AS THE LIST of cooking classes grows each year, confusion about which class is best suited to an individual's needs grows with it. Participation vs. demonstration, finding a good teacher and determining a reasonable price are the major considerations of the interested student.
"There are two types of classes to consider when selecting a cooking class," says Ann Byrd, president of the International Association of Cooking Schools. Demonstration and participation. "There is value in both," she stresses.
"Participation is very effective when it involves feel," she says. "For things like pastries, breads, pastas, particularly for the inexperienced, participation classes are invaluable." However, due to time constraints, individuals are only able to focus on one part of the process, so if general cooking information is what the consumer is after, demonstration classes can also be "extremely valuable," she adds.
"First and foremost, look for someone who is a master of good techniques," stresses James Beard, world-renowned cookbook author and cooking instructor. "Technique is the most important thing, everything else is secondary. If students are advanced, they should look for someone with a sense of improvisation, someone with a dependence upon an accident. So if he goes to the cupboard and finds two ingredients missing it should not deter him from cooking."
Demonstration classes, Beard says, do not give the student the most value for his dollars. "I don't think you ever learn anything by watching somebody else do something. It's like going to a matinee," he chuckles, adding that he encourages his students to wander around the classroom and participate in all aspects of the lesson.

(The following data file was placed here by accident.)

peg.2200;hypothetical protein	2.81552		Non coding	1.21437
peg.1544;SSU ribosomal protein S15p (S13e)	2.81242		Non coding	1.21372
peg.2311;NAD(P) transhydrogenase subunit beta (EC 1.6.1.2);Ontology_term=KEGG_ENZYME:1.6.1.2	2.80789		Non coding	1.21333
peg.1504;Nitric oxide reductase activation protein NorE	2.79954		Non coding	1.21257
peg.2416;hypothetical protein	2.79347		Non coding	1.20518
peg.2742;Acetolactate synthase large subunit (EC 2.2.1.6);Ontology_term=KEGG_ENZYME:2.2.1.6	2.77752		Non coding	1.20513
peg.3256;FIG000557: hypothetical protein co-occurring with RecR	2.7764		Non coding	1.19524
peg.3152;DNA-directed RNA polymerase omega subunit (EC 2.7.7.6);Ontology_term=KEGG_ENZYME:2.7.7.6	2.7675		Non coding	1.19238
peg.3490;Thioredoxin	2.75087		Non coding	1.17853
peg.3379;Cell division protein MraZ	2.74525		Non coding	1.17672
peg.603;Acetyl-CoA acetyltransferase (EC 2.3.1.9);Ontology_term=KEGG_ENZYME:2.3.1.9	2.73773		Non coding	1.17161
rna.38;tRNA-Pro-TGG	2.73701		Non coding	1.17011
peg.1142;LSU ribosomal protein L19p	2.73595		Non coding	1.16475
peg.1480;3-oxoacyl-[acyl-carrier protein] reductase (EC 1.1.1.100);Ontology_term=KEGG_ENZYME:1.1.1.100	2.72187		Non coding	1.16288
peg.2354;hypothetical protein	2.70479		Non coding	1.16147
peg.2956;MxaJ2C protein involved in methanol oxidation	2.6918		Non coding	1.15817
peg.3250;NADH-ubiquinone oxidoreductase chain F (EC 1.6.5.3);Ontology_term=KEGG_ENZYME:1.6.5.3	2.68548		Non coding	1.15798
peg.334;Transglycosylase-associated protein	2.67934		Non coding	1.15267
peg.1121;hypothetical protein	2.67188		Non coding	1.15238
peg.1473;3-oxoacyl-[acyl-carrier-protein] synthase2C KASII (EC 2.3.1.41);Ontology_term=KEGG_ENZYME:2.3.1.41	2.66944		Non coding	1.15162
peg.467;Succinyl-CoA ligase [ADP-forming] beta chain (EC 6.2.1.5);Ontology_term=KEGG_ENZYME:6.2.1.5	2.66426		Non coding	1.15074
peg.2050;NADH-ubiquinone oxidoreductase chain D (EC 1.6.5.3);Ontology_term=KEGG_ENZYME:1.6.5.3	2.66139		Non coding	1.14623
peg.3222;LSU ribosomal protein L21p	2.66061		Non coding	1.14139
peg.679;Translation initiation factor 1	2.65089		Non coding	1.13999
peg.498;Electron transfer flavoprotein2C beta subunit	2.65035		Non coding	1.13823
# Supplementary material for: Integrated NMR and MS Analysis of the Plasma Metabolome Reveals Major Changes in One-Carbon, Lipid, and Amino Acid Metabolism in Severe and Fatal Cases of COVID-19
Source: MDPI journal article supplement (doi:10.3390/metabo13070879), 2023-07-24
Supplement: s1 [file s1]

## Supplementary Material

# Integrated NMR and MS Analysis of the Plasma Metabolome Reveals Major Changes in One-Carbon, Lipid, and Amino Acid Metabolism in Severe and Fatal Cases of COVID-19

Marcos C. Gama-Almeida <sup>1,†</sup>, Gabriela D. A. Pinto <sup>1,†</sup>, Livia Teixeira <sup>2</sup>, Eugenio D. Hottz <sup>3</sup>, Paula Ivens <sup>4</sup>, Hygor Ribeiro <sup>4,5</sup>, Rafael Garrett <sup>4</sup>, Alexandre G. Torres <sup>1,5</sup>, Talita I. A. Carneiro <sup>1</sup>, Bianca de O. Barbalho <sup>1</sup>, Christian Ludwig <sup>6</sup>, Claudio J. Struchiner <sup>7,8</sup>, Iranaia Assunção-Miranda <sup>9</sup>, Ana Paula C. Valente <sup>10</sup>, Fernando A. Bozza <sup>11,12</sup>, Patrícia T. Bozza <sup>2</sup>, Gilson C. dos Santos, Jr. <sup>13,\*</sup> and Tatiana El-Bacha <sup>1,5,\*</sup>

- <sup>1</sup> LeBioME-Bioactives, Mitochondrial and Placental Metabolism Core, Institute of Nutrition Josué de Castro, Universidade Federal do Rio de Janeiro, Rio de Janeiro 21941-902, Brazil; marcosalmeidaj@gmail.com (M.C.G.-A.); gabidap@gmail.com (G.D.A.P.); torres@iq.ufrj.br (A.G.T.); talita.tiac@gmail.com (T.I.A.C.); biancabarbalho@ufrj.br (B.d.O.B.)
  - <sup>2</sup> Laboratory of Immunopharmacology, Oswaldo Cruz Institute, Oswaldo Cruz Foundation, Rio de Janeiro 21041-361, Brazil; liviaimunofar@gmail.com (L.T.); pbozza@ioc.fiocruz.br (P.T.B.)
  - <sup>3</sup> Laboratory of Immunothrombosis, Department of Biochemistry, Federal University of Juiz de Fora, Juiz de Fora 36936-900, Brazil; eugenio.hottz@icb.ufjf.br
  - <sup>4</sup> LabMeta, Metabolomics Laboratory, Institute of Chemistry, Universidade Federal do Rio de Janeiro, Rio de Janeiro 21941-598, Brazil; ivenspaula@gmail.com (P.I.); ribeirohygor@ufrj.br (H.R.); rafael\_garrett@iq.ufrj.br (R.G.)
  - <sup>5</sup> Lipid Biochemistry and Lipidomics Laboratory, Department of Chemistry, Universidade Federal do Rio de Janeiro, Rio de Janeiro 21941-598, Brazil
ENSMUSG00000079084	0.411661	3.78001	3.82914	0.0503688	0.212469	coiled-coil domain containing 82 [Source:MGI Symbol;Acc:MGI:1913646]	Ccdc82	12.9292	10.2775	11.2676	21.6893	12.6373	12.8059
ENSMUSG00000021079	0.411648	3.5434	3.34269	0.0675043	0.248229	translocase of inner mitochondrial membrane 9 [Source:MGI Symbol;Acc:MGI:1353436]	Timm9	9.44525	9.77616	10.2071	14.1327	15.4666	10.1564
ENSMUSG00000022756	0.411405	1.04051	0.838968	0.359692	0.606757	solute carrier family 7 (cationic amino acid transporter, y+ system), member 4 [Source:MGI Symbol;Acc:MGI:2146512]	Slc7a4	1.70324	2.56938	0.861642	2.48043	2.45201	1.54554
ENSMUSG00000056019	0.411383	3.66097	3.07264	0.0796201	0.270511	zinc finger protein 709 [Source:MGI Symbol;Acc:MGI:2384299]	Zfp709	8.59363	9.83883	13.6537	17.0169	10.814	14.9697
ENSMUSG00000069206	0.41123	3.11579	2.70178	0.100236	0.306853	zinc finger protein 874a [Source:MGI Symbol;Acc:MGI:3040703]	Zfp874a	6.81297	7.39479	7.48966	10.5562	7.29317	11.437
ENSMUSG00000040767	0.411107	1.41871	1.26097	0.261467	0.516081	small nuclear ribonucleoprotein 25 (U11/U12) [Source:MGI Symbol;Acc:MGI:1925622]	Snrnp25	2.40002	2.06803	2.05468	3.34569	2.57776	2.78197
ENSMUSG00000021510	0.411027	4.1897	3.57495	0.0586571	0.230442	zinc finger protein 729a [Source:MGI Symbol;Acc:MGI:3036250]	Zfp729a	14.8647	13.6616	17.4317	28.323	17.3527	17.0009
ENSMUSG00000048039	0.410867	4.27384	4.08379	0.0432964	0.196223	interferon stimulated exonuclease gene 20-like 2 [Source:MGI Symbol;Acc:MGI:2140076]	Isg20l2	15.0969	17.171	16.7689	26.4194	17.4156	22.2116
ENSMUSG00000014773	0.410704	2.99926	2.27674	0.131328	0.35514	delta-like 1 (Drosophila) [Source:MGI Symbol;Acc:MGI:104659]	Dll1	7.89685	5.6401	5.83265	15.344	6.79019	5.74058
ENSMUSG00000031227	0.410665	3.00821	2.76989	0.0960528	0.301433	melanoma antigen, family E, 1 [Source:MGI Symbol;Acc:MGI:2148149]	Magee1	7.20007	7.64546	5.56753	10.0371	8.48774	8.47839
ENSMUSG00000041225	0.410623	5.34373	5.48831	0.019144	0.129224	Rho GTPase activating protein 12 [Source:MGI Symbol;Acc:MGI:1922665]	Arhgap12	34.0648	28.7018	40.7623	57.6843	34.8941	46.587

But all the responsibility does not lie in the lap of the instructor. Students should be aware of their own cooking levels, Byrd says. "There is nothing wrong with learning how to make a hollandaise. And if weekend dinner parties on Saturday night are your concern, then stay away from esoteric areas."
Students should have an acquaintance with the cuisine before going into the class, Beard says. "You can't go into a class with a Chinese background and expect to understand the French cuisine. You have to know if it fits into your plan," he explains.
Price, Byrd adds, is relative. "It's hard to say what is a good price." Students should consider whether they are going to get to eat the food, whether the instructor has been brought from out of town and if the instructor has a highly respected name. "Name is certainly merited," she says. "Someone who has a famous name must certainly have done something to deserve it. So if you take a class from a well-known person from out of town and are going to eat the food, it should cost more." But for classes with a local teacher, $15 is a good value. "That way you know you are paying for good solid teaching and food."
With those few basic guidelines to keep in mind, here is this year's list of cooking classes. The categories are in alphabetical order, with the community centers and colleges listed together. There are classes for beginners, children, singles and couples, on everything from vegetarian cooking to basic bread baking to wine.
When possible, we have included the course title, time, date, area located, telephone number and fee. There is not enough space to list every detail, so telephone inquiries will be necessary. This is the only extensive guide to cooking classes The Washington Post will publish in 1982-83, so those who think they're interested in attending a class in the winter or spring should cut out this list and save it.
The information was provided by the teachers. Due to the large number of schools and classes, the Food section has not been able to visit them all and, therefore, offers no recommendations. When the information was available, we have indicated the number of years a teacher has given the class.
Readers interested in attending cooking schools outside the Washington area are advised to write the Washington-based International Association of Cooking Schools, 1001 Connecticut Ave. NW., Washington D.C. 20036. Be sure to specify the region of interest and include a self-addressed, stamped envelope. The association has more than 650 member schools in the United States, Mexico, France, Australia, Germany, England and Spain.